AT&T sued for negligence over cryptocurrency hack

Donna Miller
August 16, 2018

A bitcoin investor is suing AT&T for $240m after it allegedly ported his phone number to a hacker, allowing the criminal to steal $24m in cryptocurrency.

Terpin is seeking $23.8 million in compensatory damages and a further $200 million in punitive damages, according to the suit.

Terpin, represented by Los Angeles litigation firm Greenberg Glusker, claimed in the lawsuit that after the theft of the digital currency, his cellphone account was transferred to an global criminal gang. The filing alleges that law enforcement had previously contacted AT&T about such frauds and yet the company took no precautions to prevent it. Lawyers claim that this fact is what moves the case from simple ignorance to "gross negligence". As soon as the criminal gets access over the phone number, he can use it to reset the subscriber's passwords and enter his personal accounts. That being the case, it's not terribly surprising that a prominent crypto investor who lost almost $24 million in stolen tokens is suing AT&T for a whopping $224 million. The hackers also used the phone to hijack Mr. Terpin's Skype account to impersonate him.

The precise details of the storage of Terpin's tokens are not now known.

A bitcoin investor has sued telecommunications giant AT&T for $224 million after losing millions of dollars worth of cryptocurrency in a theft that he says is the cellular service provider's fault.

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Terpin claims that the token theft took place via a so-called SIM swap fraud, which deceives a telecoms provider by transferring a user's phone number to a card possessed by someone else.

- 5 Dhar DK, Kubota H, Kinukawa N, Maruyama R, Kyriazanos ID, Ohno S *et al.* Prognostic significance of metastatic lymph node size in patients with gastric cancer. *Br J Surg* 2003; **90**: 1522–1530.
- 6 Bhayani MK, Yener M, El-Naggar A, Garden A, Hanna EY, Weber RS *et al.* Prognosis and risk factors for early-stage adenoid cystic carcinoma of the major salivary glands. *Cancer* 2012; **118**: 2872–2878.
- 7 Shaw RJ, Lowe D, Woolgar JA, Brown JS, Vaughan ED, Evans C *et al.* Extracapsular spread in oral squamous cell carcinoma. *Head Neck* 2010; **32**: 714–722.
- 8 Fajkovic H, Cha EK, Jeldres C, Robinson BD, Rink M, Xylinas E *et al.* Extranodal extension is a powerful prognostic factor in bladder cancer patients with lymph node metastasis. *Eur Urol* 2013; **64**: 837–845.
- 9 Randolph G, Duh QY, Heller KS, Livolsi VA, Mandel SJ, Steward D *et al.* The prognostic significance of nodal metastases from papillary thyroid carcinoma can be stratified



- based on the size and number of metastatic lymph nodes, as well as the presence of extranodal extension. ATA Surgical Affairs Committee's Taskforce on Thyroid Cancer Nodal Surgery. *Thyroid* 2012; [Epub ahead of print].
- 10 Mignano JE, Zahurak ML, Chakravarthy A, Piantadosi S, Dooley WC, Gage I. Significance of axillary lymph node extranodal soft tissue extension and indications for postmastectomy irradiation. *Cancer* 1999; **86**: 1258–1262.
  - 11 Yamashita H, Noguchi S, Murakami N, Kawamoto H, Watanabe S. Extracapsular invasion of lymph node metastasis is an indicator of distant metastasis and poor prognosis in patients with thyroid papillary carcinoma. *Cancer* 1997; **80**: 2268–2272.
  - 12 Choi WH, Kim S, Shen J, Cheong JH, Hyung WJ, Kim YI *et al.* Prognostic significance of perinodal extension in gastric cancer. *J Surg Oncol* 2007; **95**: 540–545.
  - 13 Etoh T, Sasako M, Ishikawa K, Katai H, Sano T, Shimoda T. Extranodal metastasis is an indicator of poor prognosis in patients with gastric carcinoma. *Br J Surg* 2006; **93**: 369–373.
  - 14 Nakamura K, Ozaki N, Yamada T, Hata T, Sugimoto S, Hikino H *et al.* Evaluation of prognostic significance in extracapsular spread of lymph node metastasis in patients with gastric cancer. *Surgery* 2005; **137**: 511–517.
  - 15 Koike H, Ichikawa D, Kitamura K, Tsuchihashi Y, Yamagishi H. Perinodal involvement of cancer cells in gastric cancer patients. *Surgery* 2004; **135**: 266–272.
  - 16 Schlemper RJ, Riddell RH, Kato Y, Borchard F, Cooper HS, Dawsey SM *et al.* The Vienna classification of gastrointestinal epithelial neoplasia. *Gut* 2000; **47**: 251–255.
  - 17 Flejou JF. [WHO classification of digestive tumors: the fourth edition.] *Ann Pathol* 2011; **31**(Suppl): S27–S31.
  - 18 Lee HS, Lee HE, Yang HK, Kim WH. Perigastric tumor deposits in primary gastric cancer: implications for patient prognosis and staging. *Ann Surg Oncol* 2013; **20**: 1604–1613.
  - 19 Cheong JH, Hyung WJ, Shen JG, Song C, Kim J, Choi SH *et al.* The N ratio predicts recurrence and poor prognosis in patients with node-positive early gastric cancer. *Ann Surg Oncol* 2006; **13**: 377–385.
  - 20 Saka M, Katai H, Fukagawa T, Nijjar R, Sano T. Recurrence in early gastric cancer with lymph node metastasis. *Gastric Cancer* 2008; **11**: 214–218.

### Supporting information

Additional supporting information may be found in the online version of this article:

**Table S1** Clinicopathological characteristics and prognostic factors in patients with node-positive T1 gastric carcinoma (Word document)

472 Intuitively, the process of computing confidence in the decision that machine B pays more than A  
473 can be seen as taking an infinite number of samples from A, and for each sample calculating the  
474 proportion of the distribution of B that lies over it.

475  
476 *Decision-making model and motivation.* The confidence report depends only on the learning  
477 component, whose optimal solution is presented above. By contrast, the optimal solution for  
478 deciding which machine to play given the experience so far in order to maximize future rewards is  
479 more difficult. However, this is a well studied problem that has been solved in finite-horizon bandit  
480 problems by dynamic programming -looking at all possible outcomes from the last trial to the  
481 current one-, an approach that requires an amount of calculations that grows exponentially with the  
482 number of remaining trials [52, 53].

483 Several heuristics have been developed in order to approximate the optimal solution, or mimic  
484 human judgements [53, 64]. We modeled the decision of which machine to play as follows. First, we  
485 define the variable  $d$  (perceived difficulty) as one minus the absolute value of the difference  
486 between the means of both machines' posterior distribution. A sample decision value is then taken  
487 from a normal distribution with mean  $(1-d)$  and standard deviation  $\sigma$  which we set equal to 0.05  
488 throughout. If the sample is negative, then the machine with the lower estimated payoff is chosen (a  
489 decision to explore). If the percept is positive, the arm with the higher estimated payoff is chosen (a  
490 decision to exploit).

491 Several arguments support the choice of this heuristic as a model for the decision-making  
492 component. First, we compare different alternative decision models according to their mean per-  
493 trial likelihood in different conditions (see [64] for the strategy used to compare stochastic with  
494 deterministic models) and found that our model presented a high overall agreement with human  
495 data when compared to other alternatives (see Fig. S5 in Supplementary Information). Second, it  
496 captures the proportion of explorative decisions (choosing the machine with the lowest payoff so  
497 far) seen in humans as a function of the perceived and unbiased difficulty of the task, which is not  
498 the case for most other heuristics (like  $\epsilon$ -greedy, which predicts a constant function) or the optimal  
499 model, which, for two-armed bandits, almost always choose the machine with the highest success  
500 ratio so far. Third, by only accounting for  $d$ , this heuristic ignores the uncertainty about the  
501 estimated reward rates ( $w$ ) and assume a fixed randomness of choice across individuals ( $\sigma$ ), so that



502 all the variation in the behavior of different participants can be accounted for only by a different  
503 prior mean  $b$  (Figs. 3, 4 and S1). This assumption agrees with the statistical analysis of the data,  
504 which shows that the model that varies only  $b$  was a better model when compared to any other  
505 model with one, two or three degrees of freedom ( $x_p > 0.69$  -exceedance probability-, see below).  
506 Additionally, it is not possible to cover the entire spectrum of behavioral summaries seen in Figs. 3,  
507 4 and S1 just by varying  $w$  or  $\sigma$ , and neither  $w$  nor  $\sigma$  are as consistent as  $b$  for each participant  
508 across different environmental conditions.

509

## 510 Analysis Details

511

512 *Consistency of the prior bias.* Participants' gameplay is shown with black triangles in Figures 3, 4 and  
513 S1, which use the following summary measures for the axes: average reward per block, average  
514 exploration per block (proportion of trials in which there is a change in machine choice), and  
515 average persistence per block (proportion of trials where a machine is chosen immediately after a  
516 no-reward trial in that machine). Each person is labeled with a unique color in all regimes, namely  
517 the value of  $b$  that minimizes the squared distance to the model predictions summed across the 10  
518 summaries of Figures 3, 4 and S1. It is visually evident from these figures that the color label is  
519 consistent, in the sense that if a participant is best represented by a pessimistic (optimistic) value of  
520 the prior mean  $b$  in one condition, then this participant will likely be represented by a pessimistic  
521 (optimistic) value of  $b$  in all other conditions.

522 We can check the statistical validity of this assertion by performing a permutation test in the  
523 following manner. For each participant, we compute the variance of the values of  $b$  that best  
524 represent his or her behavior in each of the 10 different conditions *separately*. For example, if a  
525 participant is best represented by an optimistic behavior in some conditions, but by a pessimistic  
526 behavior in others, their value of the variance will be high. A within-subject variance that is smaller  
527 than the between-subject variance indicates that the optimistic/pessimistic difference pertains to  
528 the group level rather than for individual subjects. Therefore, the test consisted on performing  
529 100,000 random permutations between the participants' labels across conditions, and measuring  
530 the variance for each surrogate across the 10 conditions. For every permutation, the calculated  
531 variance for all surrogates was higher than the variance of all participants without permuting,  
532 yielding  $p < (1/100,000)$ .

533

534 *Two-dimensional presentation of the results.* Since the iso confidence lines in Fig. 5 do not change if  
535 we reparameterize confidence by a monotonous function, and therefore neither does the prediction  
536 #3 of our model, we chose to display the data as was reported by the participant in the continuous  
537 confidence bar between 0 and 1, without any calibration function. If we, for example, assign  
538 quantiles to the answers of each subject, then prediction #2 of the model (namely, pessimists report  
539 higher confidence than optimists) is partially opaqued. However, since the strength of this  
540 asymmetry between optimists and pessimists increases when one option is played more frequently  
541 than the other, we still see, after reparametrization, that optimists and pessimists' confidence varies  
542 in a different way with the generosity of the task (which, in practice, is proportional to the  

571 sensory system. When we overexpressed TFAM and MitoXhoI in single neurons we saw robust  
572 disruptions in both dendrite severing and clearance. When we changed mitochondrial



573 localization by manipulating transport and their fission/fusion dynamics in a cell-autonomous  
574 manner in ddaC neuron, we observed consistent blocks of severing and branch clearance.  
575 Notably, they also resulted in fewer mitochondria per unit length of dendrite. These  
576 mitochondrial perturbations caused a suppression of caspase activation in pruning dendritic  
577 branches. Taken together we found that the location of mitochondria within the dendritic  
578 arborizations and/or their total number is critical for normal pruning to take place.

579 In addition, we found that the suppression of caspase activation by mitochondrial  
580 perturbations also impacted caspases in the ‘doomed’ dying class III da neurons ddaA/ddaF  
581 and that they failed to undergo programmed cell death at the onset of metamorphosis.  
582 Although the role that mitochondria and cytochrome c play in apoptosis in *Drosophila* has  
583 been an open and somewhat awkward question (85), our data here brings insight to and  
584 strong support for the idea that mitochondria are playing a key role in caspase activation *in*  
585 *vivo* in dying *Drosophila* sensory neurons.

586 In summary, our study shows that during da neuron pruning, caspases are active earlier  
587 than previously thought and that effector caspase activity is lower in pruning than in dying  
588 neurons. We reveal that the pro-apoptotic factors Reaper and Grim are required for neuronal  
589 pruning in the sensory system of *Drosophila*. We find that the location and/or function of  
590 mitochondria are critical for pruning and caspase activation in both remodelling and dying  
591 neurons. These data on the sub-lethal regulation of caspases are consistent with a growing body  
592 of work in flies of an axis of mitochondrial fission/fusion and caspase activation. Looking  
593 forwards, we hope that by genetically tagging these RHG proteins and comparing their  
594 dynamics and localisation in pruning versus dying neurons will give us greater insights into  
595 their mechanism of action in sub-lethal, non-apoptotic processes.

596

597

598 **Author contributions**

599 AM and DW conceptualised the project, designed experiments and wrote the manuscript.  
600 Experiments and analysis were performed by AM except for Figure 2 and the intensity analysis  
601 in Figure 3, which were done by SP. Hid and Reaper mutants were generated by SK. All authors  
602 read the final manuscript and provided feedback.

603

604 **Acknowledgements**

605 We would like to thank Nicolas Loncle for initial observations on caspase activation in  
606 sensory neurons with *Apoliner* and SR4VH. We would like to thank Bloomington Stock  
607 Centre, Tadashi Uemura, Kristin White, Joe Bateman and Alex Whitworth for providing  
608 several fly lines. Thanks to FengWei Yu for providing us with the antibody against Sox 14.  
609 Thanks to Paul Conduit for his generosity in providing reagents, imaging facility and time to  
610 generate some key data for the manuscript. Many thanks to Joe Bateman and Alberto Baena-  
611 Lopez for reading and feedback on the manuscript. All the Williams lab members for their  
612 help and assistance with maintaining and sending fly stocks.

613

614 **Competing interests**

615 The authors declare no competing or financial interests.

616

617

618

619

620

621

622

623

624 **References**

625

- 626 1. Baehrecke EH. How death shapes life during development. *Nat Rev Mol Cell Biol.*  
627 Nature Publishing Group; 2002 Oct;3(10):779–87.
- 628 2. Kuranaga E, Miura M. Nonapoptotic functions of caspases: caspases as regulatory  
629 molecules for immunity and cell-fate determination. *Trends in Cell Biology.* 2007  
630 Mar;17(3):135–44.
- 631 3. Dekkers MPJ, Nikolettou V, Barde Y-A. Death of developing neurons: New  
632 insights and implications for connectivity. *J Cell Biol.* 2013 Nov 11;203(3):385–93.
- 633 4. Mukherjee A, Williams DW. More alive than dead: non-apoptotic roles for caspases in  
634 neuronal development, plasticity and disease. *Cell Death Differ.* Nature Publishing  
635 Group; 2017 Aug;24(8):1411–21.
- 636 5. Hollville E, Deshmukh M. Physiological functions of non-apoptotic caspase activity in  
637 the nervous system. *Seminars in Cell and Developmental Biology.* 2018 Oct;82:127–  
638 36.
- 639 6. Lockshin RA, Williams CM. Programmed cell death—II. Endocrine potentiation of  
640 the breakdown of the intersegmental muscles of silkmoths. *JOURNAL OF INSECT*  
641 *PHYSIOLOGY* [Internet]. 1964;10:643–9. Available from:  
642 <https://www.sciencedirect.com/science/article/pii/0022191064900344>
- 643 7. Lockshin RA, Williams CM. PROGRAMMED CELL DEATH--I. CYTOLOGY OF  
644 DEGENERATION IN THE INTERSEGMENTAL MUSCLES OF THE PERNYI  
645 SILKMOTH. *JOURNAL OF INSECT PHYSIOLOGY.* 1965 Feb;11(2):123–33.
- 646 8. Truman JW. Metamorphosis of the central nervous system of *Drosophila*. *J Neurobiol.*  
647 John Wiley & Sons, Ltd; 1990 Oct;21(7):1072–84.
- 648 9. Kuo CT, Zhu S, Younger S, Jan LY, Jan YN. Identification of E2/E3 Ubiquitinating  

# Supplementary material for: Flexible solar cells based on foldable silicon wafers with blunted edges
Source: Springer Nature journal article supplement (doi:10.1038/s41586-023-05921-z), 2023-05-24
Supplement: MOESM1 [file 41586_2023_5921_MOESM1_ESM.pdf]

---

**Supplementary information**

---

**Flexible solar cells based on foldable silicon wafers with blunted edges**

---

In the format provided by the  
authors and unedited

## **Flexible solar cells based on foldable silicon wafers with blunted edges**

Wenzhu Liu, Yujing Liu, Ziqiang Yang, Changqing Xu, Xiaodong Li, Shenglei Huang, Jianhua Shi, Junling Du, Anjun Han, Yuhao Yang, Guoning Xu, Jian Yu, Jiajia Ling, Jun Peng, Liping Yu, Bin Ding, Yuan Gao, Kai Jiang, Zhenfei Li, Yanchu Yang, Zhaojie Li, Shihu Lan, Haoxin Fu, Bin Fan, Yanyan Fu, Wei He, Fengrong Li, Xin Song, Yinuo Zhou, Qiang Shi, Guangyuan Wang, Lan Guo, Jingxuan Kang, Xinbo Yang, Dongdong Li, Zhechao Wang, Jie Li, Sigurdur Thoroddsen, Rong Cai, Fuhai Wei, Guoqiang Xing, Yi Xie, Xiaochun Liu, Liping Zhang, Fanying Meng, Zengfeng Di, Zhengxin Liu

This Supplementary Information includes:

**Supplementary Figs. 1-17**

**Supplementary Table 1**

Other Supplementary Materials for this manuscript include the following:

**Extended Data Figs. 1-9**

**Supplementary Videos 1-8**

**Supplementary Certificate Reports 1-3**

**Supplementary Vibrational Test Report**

The thieves accomplished this through a technique know and "SIM swapping". Since then, most exchanges and online wallets require customers to enable 2FA on their accounts using TOTP systems like Google Authenticator, as it is significantly harder to gain access to accounts where a third-party is not involved in authentication. Terpin alleges that's what happened in this case, given that neither a valid ID nor the special six-figure passcode were asked for porting his details to a new SIM. Although it appears to have failed to implement its own security requirements - if we take Terpin's account of the theft to be entirely accurate - AT&T's lawyers will no doubt argue that it can not be held responsible for everything that happens subsequently.

SIM swapping is a growing problem. Terpin claims that after the initial breach, he was promised "the highest level of security for his account".

In an emailed response, an AT&T spokesman said: "We dispute these allegations and look forward to presenting our case in court".

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